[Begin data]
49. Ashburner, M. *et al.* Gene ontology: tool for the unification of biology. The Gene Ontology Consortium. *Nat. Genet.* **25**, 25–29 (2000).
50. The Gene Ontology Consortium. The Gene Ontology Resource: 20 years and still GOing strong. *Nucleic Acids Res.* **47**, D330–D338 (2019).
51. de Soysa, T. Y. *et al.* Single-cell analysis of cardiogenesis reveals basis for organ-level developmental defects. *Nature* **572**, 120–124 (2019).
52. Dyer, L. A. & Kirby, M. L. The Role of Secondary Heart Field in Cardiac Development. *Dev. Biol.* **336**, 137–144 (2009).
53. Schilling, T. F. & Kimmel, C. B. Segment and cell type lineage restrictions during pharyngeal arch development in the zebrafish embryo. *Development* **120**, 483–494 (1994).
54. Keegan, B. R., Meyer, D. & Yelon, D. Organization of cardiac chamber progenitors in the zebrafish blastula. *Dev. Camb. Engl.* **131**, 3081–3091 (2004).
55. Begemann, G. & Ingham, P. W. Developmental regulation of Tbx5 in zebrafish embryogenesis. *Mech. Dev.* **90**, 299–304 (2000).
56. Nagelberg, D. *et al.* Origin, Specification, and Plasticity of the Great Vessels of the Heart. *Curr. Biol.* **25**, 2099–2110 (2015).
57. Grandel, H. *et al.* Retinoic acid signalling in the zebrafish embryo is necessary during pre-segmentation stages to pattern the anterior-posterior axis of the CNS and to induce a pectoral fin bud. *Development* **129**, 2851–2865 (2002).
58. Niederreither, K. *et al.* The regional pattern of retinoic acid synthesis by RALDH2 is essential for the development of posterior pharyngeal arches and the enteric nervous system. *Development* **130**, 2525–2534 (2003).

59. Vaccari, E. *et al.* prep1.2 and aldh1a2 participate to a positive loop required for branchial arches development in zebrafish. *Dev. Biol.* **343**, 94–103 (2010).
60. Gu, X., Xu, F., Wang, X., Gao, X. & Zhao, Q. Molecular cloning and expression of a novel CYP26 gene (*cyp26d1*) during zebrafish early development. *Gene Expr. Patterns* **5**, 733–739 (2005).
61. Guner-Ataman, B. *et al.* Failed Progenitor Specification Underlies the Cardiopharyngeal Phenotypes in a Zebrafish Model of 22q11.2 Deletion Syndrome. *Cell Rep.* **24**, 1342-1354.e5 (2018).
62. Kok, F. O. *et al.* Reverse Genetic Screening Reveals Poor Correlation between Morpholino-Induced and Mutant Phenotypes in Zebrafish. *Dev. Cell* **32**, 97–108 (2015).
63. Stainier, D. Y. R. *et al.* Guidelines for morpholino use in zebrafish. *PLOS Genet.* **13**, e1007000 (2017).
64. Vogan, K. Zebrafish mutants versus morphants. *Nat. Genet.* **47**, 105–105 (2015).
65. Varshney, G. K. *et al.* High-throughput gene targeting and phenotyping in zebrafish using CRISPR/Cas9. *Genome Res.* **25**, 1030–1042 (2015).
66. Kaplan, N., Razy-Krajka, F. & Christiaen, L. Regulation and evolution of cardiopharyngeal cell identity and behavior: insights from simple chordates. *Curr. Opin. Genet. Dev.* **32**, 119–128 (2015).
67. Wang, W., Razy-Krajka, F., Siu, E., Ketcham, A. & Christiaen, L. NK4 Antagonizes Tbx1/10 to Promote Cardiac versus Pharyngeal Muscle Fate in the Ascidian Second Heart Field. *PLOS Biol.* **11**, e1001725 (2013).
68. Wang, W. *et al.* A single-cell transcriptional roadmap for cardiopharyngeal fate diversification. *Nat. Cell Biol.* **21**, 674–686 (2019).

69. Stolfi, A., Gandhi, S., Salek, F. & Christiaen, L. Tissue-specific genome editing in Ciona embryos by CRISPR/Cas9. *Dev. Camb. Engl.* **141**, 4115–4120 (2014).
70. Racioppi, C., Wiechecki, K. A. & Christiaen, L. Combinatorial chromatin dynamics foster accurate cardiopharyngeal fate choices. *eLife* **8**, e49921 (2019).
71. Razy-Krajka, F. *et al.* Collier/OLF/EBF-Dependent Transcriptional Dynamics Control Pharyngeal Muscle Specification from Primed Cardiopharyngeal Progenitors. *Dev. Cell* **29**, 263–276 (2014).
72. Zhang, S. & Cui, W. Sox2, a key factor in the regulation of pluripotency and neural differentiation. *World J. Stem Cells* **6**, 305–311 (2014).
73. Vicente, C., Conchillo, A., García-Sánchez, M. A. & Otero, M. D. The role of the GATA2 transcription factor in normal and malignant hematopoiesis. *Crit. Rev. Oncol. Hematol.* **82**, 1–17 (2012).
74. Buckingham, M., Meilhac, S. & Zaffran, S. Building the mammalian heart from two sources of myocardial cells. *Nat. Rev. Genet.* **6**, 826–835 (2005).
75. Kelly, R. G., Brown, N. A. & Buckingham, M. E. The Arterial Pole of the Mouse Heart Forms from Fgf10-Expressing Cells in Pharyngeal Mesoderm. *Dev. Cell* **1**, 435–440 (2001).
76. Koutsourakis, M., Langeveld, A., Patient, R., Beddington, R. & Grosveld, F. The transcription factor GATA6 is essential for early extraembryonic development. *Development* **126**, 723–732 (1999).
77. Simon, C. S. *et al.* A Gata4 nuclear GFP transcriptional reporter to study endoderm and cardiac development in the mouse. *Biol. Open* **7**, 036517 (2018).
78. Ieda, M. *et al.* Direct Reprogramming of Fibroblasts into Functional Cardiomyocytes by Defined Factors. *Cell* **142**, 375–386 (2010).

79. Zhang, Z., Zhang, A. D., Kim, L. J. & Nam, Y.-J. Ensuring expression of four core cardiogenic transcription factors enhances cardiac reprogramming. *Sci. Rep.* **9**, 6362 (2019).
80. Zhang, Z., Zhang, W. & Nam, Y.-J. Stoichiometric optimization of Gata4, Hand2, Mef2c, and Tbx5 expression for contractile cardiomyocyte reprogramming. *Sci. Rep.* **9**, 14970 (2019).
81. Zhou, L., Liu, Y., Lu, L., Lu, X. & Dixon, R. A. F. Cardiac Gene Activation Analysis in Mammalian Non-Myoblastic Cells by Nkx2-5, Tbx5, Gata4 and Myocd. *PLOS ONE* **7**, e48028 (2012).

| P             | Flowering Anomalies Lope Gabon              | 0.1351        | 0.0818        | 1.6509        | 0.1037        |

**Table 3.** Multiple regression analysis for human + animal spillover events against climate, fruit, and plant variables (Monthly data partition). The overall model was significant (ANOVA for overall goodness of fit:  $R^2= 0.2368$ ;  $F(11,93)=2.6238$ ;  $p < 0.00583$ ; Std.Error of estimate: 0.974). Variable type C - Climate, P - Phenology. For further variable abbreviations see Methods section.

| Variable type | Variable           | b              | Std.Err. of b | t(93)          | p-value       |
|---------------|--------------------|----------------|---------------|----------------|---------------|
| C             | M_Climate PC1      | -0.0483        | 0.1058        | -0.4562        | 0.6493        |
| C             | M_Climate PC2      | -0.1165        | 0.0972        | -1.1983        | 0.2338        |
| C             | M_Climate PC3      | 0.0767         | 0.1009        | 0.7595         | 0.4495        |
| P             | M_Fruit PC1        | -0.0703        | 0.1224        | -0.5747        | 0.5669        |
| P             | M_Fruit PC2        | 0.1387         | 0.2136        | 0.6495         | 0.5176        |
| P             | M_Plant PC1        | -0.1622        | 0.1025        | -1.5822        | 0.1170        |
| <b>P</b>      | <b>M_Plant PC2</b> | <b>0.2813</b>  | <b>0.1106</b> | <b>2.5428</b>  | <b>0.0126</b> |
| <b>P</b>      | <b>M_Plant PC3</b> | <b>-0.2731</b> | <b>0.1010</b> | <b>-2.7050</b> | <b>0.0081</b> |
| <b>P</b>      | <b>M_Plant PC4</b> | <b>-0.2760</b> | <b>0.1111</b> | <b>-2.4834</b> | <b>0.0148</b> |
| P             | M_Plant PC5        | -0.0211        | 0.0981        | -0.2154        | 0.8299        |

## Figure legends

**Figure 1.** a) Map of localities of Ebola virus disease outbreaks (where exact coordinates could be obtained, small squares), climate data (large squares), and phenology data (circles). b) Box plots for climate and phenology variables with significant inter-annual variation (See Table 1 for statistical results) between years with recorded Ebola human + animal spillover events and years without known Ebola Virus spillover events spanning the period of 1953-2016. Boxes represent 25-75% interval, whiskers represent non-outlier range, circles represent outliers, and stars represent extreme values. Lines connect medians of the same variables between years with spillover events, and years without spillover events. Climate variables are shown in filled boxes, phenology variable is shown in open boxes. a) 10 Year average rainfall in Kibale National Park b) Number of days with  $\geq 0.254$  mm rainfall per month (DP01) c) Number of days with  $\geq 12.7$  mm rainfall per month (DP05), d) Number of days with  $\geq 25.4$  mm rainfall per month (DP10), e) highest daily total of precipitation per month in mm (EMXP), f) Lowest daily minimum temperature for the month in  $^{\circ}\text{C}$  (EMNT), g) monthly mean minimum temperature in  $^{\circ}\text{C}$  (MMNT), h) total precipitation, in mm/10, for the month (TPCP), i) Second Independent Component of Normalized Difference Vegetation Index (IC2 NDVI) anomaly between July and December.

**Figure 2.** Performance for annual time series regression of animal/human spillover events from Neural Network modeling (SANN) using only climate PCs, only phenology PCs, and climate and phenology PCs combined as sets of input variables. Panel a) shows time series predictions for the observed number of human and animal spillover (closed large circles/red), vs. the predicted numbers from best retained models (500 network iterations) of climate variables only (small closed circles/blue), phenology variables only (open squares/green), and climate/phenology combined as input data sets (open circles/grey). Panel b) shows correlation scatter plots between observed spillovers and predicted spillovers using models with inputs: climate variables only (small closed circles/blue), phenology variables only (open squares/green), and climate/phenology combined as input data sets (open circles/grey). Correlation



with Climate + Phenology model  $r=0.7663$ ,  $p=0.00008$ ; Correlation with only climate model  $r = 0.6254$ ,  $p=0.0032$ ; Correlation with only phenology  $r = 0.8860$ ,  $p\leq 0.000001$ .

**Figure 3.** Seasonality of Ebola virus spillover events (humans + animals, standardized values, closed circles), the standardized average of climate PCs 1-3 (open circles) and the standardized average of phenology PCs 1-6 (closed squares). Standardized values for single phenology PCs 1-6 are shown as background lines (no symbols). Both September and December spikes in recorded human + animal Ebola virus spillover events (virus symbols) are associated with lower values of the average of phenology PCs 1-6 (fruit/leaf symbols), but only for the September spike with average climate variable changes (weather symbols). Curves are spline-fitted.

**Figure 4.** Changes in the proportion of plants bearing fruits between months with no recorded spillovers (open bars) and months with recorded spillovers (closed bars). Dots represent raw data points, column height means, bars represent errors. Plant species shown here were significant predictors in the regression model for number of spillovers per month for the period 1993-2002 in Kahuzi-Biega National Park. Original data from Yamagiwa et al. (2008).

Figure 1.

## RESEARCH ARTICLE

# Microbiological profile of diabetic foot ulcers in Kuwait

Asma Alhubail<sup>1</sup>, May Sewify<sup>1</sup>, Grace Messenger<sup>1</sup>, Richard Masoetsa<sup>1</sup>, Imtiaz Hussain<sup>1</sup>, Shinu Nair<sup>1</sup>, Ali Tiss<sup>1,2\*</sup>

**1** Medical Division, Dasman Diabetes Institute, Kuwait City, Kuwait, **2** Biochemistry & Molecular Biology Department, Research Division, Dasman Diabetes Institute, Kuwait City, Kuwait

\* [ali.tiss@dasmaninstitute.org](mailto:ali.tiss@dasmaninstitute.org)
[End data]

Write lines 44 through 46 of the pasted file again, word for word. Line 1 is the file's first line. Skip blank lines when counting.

| <b>P</b>      | <b>M_Plant PC2</b> | <b>0.2813</b>  | <b>0.1106</b> | <b>2.5428</b>  | <b>0.0126</b> |
| <b>P</b>      | <b>M_Plant PC3</b> | <b>-0.2731</b> | <b>0.1010</b> | <b>-2.7050</b> | <b>0.0081</b> |
| <b>P</b>      | <b>M_Plant PC4</b> | <b>-0.2760</b> | <b>0.1111</b> | <b>-2.4834</b> | <b>0.0148</b> |